Then he who yearns to catch a fish Goes to the river streaming. A pretty sight to see the pike In sunny water gleaming.
When in the morn the farmer milks, His brow with pleasure showing, A pretty sight to see the sun On all the cattle glowing.
If one can get a bit of gin, At best by illness hinting Then ’tis a pretty sight the sun Upon the bottle glinting.
And now it seems to be the trend To dress in latest styling, And ’tis a pretty sight the sun On lovely dresses smiling!
And if you long to go to church, Your gladdened faith aligning; Then ’tis a pretty sight the sun Upon the preacher shining!
And though the ‘take’ is very small The man’s surprise be showing; It is a pretty sight the sun Upon the platter glowing.
But if I had to go to church, My need for succour pining, I would as life the sun itself Refused to go on shining.
And when I’ve passed beyond this place, My bones to dust decaying, ’Twill be a pretty sight the sun Upon my tombstone playing.
This next poem is about the Icelandic celebration in our area called ”The 2nd of August” and also known for over 50 years as ”Deuce of August.” This is one of KN’s famous drinking poems. He talks about Reverend (Séra) Hans Thorgrímsen who is one of my favorite pioneers. Séra Hans was a highly respected pioneer pastor and he probably did not find KN´s drinking poems very funny. Séra Hans was very much against drinking and local stories say that he had not attended the party alluded to in the poem and he was very angry about this poem. North Dakota was a dry state at this time.
Many left in drunken sail Everywhere flows beer and ale; Whisky? No one lacked a bit, Cause Swain and Dor were selling it. Women served their coffee swill; Men ranted speeches at their will; There was singing, there was dance. There was I with Reverend Hans.
Margur þaðaan fullur fór Freyddi á skalum malt og bjór Brennivin þar brast ei neinn, Þvi báðir seldu, Dóri og Sveinn. Kvennfólk var með kaffisull Karlmenn fluttu ræðubull Þar var söngur, þar var dans Þar var ég og Séra Hans.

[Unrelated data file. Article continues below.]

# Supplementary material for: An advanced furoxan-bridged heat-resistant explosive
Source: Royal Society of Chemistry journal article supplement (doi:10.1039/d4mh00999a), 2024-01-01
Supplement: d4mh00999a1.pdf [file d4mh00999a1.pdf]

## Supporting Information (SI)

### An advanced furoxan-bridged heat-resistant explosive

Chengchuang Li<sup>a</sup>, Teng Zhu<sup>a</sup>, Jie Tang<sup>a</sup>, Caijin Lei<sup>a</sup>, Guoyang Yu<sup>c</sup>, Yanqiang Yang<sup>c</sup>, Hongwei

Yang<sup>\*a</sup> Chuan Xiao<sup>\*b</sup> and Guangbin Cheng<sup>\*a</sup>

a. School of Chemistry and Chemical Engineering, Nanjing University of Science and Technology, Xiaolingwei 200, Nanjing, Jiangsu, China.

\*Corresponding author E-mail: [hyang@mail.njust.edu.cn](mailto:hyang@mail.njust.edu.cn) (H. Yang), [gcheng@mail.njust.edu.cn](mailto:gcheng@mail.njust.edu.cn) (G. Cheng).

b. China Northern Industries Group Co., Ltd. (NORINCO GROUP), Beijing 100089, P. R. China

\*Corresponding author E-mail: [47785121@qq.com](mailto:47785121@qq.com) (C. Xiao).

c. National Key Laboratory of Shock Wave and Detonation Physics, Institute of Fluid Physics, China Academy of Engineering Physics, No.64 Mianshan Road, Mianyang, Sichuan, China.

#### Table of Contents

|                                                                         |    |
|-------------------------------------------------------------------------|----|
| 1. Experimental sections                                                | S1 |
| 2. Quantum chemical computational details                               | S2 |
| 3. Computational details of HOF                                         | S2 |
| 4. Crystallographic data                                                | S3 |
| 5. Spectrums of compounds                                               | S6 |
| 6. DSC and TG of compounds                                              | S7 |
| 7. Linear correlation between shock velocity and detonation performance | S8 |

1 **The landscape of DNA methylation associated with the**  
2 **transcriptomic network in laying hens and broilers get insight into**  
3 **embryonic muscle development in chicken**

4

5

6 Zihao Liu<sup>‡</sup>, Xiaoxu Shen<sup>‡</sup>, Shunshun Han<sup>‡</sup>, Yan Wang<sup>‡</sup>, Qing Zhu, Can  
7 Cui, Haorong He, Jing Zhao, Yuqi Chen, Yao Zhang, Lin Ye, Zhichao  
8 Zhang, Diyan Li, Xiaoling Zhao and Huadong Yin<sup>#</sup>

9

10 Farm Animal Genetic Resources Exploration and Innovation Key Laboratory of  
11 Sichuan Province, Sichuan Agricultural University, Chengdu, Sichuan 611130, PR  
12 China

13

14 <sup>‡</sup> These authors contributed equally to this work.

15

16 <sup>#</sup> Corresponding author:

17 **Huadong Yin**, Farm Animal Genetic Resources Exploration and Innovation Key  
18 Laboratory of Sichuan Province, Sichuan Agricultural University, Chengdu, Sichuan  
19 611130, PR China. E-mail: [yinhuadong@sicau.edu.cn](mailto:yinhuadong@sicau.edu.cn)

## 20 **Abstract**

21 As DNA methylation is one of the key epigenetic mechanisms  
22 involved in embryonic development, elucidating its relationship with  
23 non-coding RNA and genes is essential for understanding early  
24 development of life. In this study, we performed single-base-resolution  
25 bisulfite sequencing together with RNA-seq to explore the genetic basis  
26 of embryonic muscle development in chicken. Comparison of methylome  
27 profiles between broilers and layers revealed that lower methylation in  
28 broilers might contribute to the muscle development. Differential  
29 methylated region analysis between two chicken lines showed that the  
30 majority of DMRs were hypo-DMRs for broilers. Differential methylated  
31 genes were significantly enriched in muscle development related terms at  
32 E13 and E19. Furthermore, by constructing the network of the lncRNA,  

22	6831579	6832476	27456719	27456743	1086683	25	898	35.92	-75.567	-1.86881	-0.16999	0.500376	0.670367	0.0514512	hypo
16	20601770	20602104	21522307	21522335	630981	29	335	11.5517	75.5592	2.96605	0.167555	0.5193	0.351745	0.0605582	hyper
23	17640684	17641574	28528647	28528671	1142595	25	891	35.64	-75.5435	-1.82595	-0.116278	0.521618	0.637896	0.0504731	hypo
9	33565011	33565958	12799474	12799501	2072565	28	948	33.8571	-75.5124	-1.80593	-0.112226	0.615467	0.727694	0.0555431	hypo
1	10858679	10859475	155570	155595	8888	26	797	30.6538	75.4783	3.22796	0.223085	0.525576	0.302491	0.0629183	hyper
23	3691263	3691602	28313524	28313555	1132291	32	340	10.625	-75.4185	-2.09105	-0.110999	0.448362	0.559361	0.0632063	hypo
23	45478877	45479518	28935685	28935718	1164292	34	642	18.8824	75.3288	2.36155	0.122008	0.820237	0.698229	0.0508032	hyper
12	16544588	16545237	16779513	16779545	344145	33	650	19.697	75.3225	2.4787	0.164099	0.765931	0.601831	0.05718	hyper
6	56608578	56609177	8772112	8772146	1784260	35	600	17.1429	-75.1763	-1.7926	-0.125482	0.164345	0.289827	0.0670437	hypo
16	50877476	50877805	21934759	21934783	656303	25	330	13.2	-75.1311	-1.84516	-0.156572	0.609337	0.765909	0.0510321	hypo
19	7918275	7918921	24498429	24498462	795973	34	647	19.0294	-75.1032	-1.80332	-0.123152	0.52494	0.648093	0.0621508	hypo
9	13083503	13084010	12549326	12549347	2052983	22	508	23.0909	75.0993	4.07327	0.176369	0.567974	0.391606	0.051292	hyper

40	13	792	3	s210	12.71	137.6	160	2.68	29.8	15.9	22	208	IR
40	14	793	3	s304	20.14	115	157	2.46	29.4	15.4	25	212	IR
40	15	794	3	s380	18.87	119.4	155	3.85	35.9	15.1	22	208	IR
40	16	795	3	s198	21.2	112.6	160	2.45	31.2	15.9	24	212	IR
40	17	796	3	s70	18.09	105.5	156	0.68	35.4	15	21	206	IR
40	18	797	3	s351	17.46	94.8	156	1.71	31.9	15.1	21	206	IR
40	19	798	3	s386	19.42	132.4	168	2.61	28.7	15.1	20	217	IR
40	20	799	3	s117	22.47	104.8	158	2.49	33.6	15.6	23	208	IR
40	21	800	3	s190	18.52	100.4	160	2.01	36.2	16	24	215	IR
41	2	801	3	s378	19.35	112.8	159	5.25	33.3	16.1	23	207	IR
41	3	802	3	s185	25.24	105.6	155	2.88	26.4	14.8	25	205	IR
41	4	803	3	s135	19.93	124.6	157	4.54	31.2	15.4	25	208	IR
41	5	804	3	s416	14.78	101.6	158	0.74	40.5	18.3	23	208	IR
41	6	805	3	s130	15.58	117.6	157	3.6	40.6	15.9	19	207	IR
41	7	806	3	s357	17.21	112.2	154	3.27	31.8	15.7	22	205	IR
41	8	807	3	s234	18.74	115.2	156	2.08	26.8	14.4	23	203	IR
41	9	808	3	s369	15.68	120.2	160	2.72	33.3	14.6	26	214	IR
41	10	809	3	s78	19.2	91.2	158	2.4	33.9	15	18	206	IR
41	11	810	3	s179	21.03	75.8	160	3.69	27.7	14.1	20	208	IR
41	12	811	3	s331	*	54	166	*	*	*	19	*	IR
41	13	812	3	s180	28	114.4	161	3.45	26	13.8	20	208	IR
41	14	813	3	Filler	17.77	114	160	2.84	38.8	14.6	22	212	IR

Séra Hans was the pastor in Pembina County from 1883-1886 and then again from 1901-1912. Káinn came to Thingvalla Township in 1893 when Reverend Fríðrík Bergmann was the pastor. So, this poem, ”Annar ágúst” (August Second), was most likely written between 1901-1912.
The very short version about the ND alcohol law is as follows: North Dakota was approved for statehood 22 Feb 1889 (4 years before Káinn arrived). A clause was proposed at the 1889 North Dakota constitutional convention that summer to prohibit the sale and manufacture of liquor. The clause was voted on by the people of ND and was approved at the October 1st vote. Saloons, liquor sales, and alcohol manufacturing were outlawed, beginning July 1, 1890.
Finally, in 1932, ND voted to repeal state prohibition. Alcohol could be manufactured, bought, and sold legally for the first time since North Dakota became a state. Káinn was still alive to see prohibition repealed but Séra Hans was the pastor in Grand Forks at the time. I suppose that Káinn could have written this poem when Séra Hans was working in Grand Forks and maybe even after prohibition was lifted in 1932. If anyone knows the actual date this poem was written, please let me know.